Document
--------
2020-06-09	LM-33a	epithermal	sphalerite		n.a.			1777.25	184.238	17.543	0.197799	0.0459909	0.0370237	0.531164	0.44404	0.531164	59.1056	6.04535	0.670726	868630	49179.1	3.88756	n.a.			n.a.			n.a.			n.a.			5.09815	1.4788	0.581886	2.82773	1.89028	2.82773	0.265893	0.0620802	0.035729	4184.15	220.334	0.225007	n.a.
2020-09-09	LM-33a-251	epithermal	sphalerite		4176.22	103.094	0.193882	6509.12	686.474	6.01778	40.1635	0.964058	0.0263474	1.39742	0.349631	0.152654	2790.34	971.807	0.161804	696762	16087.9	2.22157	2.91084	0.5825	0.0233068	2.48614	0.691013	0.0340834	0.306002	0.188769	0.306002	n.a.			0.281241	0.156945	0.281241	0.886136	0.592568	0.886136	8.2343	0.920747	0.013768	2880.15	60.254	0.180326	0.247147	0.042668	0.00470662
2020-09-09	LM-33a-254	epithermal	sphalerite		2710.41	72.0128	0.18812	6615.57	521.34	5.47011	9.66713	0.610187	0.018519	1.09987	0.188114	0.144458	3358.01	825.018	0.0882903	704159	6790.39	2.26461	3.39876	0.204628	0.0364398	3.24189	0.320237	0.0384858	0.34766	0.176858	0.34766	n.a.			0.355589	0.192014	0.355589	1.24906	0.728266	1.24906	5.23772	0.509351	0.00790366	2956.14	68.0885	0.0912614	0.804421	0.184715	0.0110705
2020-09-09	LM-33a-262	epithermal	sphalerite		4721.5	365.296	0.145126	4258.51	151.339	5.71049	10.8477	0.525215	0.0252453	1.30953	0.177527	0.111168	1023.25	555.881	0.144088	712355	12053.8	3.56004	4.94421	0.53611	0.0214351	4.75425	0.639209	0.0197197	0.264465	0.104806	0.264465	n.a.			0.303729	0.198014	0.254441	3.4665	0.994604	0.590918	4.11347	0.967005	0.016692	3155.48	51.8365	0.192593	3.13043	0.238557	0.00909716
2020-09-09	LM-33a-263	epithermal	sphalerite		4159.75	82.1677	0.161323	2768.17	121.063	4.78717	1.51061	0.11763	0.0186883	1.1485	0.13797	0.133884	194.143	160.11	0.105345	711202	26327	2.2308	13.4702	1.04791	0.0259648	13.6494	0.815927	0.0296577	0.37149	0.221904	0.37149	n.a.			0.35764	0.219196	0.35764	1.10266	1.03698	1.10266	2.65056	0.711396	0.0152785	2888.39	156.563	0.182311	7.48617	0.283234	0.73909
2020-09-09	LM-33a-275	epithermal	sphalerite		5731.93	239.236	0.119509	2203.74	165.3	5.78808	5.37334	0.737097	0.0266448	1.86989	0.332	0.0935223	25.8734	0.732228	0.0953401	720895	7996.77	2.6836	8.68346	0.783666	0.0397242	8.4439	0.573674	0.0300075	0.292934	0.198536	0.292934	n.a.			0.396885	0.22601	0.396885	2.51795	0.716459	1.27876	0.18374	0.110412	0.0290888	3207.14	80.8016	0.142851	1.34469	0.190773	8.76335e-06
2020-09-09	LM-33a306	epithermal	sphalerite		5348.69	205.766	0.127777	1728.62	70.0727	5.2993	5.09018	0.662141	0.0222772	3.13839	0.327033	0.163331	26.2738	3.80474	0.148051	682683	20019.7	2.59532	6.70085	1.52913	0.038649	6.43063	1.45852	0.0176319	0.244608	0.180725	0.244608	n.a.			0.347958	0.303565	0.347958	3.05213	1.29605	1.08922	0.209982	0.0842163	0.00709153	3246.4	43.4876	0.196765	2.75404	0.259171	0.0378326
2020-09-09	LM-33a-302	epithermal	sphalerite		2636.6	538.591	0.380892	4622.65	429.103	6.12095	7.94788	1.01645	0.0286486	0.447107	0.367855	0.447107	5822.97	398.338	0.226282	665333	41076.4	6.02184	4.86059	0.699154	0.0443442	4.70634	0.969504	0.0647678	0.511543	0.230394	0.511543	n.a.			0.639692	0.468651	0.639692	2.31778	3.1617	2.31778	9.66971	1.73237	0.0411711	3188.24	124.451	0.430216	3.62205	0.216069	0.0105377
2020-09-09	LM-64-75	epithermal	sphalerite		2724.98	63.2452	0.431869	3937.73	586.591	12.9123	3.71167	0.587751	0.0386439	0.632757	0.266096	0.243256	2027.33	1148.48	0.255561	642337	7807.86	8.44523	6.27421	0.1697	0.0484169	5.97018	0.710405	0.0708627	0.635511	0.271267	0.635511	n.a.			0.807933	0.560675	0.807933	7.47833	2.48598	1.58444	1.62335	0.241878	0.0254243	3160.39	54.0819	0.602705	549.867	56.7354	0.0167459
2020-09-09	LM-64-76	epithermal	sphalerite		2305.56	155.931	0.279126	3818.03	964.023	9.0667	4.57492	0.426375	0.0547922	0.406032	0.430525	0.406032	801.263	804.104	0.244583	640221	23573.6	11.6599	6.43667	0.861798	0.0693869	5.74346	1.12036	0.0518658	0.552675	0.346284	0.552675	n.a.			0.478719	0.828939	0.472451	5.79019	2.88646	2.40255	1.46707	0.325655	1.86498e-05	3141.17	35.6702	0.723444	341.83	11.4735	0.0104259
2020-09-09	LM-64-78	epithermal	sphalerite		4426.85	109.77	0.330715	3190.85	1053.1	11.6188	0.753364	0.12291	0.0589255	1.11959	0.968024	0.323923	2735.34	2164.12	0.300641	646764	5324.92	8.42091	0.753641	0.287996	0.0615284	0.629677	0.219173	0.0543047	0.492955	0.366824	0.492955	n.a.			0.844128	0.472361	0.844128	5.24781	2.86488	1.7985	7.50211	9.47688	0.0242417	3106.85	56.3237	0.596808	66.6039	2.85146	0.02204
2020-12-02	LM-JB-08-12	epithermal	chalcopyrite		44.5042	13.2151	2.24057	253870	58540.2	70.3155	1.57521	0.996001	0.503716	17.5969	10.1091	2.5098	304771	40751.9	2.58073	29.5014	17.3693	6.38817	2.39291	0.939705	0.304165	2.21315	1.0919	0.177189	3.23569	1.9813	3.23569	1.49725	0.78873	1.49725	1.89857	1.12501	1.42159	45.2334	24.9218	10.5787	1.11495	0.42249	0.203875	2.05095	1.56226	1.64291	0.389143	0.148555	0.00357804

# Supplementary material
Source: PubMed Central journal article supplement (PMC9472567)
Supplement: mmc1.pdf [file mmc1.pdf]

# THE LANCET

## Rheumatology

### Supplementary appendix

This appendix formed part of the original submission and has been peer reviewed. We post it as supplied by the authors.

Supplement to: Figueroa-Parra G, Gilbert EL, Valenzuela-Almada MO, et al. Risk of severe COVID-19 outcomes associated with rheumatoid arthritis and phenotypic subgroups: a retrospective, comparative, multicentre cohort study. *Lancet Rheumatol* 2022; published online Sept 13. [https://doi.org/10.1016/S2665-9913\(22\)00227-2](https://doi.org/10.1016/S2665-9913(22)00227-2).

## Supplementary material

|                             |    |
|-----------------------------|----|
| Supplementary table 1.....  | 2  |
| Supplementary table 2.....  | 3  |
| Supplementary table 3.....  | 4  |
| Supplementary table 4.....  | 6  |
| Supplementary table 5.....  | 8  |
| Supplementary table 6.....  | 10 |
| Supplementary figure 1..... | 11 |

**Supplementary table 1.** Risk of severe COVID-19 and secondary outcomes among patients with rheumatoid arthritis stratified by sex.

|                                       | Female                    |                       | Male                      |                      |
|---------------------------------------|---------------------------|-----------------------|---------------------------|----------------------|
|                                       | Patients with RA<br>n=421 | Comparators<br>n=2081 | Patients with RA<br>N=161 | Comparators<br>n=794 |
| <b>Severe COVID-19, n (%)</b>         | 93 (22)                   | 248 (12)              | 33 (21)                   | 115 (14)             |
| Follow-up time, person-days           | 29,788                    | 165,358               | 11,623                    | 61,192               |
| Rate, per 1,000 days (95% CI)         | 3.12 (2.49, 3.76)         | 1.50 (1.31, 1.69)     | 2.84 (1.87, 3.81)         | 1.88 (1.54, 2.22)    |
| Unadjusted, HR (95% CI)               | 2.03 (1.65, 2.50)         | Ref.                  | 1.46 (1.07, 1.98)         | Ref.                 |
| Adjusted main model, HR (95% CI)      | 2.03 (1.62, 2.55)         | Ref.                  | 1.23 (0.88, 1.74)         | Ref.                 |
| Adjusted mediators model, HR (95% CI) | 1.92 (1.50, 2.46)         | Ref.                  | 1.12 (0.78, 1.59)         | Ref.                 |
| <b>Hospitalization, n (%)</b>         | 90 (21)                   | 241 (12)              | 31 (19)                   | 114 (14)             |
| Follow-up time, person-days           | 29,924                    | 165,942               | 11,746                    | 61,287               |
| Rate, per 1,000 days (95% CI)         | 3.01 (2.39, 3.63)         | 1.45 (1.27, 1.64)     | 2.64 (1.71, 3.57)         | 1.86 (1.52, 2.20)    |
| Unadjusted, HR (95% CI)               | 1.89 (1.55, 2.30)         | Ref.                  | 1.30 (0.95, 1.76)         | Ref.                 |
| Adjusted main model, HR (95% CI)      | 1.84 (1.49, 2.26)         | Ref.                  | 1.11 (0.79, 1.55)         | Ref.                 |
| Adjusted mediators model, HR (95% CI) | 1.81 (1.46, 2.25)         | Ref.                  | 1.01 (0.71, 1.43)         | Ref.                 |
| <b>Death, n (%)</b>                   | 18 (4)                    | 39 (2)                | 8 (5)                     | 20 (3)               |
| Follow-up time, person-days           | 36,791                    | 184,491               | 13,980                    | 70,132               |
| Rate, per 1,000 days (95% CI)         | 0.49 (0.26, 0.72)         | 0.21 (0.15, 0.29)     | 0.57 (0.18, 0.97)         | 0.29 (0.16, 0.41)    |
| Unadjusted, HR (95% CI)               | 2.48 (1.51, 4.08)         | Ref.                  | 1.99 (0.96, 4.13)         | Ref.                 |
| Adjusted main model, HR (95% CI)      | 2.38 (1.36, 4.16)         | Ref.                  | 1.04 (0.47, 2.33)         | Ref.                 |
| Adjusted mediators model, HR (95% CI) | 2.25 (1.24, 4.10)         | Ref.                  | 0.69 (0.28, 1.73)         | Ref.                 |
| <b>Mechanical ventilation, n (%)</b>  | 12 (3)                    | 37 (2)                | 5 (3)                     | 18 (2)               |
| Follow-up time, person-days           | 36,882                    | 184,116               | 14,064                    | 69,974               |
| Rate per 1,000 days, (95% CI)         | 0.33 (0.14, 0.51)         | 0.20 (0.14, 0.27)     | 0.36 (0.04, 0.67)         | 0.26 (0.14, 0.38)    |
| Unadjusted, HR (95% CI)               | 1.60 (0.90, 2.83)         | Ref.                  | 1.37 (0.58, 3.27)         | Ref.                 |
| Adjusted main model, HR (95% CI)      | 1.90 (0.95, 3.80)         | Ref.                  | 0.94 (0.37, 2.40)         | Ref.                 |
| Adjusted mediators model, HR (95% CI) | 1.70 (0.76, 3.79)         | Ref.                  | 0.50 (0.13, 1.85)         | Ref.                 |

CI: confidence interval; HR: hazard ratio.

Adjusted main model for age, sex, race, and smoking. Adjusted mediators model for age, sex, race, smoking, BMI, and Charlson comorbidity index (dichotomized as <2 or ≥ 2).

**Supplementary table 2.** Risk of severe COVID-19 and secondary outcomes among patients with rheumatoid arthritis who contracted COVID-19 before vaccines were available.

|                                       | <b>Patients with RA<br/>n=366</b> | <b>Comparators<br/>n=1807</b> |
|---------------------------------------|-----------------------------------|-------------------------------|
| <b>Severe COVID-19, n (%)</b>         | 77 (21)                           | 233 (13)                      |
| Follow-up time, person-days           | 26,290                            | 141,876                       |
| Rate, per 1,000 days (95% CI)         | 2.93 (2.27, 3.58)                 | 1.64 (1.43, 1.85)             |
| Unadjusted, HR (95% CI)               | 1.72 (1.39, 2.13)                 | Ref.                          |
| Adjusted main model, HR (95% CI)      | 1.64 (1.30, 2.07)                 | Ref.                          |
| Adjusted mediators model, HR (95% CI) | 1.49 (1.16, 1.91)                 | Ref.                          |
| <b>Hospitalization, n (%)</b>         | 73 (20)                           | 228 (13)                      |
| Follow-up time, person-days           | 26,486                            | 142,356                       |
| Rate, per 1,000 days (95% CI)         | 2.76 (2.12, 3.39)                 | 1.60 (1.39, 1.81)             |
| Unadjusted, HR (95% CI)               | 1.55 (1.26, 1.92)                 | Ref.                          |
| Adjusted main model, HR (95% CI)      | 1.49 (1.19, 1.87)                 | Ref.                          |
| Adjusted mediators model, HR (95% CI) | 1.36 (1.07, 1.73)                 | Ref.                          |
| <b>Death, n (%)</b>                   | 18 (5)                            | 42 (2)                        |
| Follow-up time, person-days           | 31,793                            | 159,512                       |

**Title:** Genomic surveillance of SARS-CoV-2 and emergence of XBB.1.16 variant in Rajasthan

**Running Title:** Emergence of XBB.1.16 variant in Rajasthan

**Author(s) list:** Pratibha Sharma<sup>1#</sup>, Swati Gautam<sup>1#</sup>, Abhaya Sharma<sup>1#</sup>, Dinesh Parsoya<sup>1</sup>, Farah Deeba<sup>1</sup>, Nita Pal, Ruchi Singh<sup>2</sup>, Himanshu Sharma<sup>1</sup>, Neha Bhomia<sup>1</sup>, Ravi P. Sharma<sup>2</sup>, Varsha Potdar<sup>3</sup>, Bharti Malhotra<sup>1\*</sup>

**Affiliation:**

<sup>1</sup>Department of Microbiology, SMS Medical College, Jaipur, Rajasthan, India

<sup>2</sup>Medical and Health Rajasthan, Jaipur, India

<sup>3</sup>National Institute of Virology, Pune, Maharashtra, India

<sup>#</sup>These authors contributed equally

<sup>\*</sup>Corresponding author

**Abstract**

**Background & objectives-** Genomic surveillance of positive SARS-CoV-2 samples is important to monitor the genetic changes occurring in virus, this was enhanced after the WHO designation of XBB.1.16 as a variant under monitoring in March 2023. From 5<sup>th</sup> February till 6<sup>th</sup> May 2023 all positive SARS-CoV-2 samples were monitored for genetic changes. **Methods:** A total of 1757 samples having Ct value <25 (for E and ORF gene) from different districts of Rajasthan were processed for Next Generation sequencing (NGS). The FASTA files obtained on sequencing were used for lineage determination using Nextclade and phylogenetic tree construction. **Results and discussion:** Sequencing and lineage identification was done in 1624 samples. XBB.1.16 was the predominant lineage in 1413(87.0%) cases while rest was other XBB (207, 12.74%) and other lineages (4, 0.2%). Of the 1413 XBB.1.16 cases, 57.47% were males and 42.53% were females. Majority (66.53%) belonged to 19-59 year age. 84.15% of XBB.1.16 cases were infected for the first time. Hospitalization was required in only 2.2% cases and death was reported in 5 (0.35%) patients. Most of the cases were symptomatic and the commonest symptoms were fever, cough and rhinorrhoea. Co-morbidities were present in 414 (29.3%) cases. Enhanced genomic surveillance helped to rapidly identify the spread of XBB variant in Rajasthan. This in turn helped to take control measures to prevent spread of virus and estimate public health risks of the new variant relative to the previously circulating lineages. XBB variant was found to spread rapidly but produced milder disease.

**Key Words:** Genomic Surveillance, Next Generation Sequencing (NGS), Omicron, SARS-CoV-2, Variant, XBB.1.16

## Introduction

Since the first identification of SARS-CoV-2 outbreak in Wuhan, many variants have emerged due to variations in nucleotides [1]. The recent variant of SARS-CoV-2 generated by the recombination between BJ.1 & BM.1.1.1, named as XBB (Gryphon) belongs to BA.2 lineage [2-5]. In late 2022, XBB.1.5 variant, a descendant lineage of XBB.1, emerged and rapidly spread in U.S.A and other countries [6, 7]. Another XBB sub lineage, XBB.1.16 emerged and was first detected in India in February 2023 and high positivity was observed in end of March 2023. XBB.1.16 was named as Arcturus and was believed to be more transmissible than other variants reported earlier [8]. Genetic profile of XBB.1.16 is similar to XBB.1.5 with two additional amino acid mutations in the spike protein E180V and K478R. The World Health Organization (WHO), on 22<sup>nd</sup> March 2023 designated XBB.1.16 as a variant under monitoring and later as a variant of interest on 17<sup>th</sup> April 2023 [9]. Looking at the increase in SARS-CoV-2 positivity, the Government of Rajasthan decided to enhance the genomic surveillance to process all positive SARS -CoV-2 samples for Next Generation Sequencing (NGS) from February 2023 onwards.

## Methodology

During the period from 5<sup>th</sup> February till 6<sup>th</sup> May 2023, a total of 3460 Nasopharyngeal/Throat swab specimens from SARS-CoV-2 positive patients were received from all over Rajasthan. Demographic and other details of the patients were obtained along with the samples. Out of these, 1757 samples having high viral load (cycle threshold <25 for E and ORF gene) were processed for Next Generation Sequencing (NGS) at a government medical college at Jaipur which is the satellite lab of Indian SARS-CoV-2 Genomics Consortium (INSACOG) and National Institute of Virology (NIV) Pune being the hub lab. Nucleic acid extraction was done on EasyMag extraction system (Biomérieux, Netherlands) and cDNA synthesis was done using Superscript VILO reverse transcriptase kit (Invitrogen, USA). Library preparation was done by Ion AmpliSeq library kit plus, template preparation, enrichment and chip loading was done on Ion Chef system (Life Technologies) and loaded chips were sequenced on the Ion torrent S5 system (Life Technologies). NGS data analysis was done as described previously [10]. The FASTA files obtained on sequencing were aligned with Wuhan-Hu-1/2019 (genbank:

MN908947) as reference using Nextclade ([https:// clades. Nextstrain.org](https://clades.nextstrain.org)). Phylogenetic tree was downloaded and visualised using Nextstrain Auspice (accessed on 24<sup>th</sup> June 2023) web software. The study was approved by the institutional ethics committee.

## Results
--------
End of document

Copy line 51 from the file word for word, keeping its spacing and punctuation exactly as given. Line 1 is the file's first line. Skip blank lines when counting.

| Adjusted main model, HR (95% CI)      | 2.38 (1.36, 4.16)         | Ref.                  | 1.04 (0.47, 2.33)         | Ref.                 |